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Passengers of KAL Flight 007 Survive in Russia
By David Gardner
June 24, 2002

Bert Schlossberg, speaking at a recent AIM luncheon, provided evidence that Korean Air Lines Flight 007, which was shot down in 1983 by a Soviet air-to-air missile and was believed to have exploded upon being hit, had actually landed safely in the Pacific and that passengers were rescued from the site. Schlossberg, the son-in-law of one of the passengers, has dedicated the past ten years to researching the incident and informing the public of his conclusions.

Schlossberg cited evidence, including KAL 007's flight data recorder and cockpit voice recorder, transcripts of Soviet aviation controller communications, Japanese radar trackings, the debris (and lack thereof), and eyewitness testimonies. Boris Yeltsin handed over communication records to the United Nations in 1991. The Soviet transcripts of ground-to-ground and ground-to-air communications show an essentially botched mission to destroy KAL 007. The Soviets wrongfully believed KAL 007 was a U.S. spy plane invading its airspace headed for inland Russia to conduct a reconnaissance mission.

Following the impact of the missiles, the transcripts show the plane was still in flight, and still able to navigate the sky, circling the tiny island of Moneron, in Soviet territory, until it was lost.

There was no eyewitness report by any official indicating the fate of the planeóneither of any explosion nor of any safe landing. However, by 17 minutes after KAL 007 was tracked by the Soviets at 1,000 feet above the surface of the sea, Russian military commanders had ordered two rescue missions involving search boats, rescue helicopters, and civilian trawlers that were at that time in the vicinity of Moneron to go there.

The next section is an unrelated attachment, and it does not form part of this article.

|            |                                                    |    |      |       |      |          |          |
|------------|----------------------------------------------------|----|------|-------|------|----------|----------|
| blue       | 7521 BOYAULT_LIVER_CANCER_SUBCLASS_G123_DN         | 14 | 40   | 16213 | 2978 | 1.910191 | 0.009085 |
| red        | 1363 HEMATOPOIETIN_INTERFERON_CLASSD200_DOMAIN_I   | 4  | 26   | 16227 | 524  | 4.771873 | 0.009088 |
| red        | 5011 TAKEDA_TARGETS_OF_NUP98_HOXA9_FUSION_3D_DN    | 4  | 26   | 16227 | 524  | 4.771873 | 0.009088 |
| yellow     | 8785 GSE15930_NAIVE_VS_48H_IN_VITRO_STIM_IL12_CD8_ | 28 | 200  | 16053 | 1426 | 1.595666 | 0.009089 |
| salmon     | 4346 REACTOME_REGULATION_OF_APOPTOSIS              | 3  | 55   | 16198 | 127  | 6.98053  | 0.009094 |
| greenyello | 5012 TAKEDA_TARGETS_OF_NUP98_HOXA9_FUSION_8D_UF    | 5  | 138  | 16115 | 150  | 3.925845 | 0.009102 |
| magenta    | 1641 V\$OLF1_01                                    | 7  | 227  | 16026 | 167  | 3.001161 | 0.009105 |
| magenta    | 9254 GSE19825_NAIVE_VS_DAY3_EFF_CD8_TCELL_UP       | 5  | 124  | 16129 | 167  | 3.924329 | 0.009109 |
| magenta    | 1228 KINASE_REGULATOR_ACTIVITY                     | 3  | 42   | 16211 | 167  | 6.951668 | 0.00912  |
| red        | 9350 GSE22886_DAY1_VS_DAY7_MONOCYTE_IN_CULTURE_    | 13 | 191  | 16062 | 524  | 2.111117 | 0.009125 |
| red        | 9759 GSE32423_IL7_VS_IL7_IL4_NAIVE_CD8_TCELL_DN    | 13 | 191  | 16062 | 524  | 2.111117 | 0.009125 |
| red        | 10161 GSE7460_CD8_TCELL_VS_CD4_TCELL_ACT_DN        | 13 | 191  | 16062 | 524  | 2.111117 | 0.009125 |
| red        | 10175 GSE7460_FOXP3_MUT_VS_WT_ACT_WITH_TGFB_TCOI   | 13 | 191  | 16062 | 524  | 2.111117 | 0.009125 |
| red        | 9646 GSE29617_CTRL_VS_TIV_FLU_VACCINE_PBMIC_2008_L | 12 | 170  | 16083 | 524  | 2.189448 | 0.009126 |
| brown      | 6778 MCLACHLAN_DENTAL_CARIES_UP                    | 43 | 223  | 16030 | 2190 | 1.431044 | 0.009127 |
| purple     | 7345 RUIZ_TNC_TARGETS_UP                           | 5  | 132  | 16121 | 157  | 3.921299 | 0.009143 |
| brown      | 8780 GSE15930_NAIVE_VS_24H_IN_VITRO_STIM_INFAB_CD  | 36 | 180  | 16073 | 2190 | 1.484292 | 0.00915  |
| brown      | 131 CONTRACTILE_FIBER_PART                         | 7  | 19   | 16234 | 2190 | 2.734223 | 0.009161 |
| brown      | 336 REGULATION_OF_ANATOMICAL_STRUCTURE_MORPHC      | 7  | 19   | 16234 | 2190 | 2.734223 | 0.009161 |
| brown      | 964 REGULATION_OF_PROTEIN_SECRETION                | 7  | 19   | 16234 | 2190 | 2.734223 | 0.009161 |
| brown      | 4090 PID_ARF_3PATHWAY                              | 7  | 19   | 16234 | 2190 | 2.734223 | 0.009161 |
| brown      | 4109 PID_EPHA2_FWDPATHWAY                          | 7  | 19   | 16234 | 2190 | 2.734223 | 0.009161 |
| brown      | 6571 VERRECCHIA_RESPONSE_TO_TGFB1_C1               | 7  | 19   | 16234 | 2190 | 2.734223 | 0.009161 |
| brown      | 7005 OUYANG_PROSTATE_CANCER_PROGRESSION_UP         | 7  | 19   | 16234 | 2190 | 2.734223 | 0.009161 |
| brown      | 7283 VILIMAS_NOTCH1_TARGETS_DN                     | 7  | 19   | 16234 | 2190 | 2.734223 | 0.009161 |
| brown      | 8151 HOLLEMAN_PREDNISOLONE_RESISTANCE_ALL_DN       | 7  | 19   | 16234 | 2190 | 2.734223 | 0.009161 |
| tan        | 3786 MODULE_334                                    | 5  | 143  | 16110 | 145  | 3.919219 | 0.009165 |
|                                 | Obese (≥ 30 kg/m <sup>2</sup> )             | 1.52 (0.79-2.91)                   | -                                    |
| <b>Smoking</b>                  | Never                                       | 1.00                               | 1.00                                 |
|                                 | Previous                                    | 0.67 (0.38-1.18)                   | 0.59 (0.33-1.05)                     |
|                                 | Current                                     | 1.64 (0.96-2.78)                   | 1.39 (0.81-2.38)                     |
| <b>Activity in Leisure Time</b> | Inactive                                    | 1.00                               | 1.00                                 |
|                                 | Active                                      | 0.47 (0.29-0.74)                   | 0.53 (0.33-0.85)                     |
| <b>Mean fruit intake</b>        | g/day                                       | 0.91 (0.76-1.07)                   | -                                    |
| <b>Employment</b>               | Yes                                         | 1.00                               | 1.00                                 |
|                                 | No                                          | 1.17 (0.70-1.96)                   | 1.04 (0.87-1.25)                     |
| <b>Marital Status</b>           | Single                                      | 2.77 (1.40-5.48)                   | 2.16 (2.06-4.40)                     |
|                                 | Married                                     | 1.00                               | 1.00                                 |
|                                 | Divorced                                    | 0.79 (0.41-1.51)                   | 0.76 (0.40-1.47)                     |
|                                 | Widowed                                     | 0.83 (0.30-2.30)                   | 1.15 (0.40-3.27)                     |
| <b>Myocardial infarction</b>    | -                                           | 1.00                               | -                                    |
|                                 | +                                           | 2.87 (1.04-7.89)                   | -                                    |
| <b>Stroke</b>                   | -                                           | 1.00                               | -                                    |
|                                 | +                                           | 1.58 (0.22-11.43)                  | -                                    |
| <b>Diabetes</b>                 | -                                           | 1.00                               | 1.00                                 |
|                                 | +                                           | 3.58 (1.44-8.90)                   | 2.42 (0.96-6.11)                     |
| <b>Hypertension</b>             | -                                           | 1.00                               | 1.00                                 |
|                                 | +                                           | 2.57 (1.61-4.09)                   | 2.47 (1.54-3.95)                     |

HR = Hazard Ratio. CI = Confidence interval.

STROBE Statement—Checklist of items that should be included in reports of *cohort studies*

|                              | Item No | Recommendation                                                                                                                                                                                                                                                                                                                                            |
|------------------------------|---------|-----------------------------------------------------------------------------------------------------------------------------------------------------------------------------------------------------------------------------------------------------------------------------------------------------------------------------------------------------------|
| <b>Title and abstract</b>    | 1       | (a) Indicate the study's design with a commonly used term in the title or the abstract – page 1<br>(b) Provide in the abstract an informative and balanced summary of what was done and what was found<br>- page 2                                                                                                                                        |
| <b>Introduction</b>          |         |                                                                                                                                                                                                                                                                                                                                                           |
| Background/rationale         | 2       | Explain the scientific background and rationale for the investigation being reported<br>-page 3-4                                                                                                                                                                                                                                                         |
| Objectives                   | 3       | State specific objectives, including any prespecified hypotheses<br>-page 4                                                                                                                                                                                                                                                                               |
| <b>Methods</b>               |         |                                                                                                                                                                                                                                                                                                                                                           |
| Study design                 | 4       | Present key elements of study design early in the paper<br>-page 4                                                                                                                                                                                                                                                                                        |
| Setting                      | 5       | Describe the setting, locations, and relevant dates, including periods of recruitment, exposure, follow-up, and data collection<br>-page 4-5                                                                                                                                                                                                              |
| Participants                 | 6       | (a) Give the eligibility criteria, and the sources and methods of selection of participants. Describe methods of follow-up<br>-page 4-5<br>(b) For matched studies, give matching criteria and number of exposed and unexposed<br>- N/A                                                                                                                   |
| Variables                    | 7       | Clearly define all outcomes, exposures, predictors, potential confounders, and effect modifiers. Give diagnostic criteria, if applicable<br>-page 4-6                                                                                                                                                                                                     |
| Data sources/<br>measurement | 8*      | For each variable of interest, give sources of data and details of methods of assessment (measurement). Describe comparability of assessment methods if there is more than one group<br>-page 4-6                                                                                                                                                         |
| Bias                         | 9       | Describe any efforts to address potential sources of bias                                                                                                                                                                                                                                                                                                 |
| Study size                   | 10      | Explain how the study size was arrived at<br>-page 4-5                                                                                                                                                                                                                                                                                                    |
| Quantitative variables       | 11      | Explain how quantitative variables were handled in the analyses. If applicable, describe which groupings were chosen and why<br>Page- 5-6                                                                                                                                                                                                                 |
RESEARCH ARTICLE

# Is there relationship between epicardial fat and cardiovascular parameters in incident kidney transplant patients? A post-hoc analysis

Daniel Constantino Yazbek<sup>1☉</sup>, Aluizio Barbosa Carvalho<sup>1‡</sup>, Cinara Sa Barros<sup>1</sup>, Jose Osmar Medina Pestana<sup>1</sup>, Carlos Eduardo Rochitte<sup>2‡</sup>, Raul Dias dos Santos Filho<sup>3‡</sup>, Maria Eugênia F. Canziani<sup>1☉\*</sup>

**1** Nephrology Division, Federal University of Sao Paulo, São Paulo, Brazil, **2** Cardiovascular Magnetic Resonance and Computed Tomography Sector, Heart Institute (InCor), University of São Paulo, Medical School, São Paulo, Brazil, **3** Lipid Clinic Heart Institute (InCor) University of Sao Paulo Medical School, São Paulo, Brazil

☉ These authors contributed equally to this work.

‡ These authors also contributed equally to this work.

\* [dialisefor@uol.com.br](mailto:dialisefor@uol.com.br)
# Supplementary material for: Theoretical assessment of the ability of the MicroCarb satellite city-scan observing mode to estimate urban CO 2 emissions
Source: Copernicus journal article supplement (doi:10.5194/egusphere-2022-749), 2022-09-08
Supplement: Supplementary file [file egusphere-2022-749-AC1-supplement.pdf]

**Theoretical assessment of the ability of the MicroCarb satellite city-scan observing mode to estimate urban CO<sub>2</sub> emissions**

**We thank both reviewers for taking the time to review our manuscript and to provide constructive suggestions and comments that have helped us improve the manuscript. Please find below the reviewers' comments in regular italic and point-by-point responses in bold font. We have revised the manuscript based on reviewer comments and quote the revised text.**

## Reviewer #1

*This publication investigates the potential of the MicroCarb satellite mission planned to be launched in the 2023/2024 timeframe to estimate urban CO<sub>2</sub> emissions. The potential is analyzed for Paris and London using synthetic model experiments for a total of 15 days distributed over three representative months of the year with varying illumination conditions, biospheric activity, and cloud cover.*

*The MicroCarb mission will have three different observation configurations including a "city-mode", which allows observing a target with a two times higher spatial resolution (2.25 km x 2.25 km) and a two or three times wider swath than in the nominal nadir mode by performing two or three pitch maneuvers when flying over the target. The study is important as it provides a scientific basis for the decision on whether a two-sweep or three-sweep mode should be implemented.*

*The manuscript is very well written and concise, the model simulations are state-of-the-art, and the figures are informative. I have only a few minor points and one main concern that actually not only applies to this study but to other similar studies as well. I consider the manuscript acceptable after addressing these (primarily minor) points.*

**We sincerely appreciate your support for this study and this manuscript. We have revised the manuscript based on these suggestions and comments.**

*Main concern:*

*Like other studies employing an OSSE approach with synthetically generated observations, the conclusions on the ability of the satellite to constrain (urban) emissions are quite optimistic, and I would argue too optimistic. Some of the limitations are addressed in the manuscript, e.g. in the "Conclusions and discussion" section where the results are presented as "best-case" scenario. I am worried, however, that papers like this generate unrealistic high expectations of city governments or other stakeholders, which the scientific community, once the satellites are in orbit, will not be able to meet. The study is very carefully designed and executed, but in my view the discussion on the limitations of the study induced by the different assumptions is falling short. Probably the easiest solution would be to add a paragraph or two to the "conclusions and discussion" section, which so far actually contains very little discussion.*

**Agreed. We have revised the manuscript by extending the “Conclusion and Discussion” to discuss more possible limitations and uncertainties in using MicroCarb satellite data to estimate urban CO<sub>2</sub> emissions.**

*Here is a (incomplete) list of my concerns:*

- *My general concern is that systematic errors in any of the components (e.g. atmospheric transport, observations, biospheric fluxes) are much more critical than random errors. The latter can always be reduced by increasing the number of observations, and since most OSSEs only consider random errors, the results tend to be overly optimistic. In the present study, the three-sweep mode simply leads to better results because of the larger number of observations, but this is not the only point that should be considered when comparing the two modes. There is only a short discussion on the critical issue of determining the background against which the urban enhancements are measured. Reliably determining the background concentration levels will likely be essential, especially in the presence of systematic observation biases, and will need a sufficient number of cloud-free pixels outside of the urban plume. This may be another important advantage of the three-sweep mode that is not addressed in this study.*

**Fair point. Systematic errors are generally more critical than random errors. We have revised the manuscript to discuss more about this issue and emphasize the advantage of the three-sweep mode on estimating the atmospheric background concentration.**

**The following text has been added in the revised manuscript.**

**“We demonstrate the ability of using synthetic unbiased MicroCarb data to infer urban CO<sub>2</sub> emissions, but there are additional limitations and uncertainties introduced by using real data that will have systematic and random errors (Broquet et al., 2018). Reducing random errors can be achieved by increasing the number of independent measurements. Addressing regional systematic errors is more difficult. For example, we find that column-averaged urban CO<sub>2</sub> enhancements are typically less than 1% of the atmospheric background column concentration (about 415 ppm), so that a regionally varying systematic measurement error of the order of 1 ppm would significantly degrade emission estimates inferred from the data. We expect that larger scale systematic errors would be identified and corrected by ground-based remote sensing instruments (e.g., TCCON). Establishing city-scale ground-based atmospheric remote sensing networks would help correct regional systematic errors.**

Thus, Schlossberg draws an inference that the Soviets knew that the plane had landed. What would be the purpose of such an extensive rescue mission unless they believed there were survivors?

Furthermore, a 1991 CIA report compiled by the Senate Foreign Relations Committee Republican Staff contains eyewitness reports of Soviet fishermen off Moneron, who saw rescuers escort passengers off the downed plane. Schlossberg reports that there also was a total lack of debris around the site. In other incidents similar to this, the immediate area around the site would contain debris, clothing, luggage, and, sadly, some human remains. None of that was ever found, not even by divers who searched the waters in the area around the wreckage site.

He believes that the passengers were either imprisoned, forced into labor camps, or (in the case of children) assimilated into Soviet society following the crash. The evidence for his beliefs comes primarily from the Research Center for Prisons, Psychprisons and Forced Labor Concentration Camps of the USSR.

Schlossberg continues to uncover the mysteries of what happened that day and to educate the public. He has published a book Rescue 007: The Untold Story of KAL 007 and Its Survivors. He has received support from U.S. politicians, including Senator Jesse Helms of North Carolina. For more information into the ongoing investigation go to: www.rescue007.org.

David Gardner is an intern at Accuracy in Media.

For questions or comments, please contact Intern@AIM.org.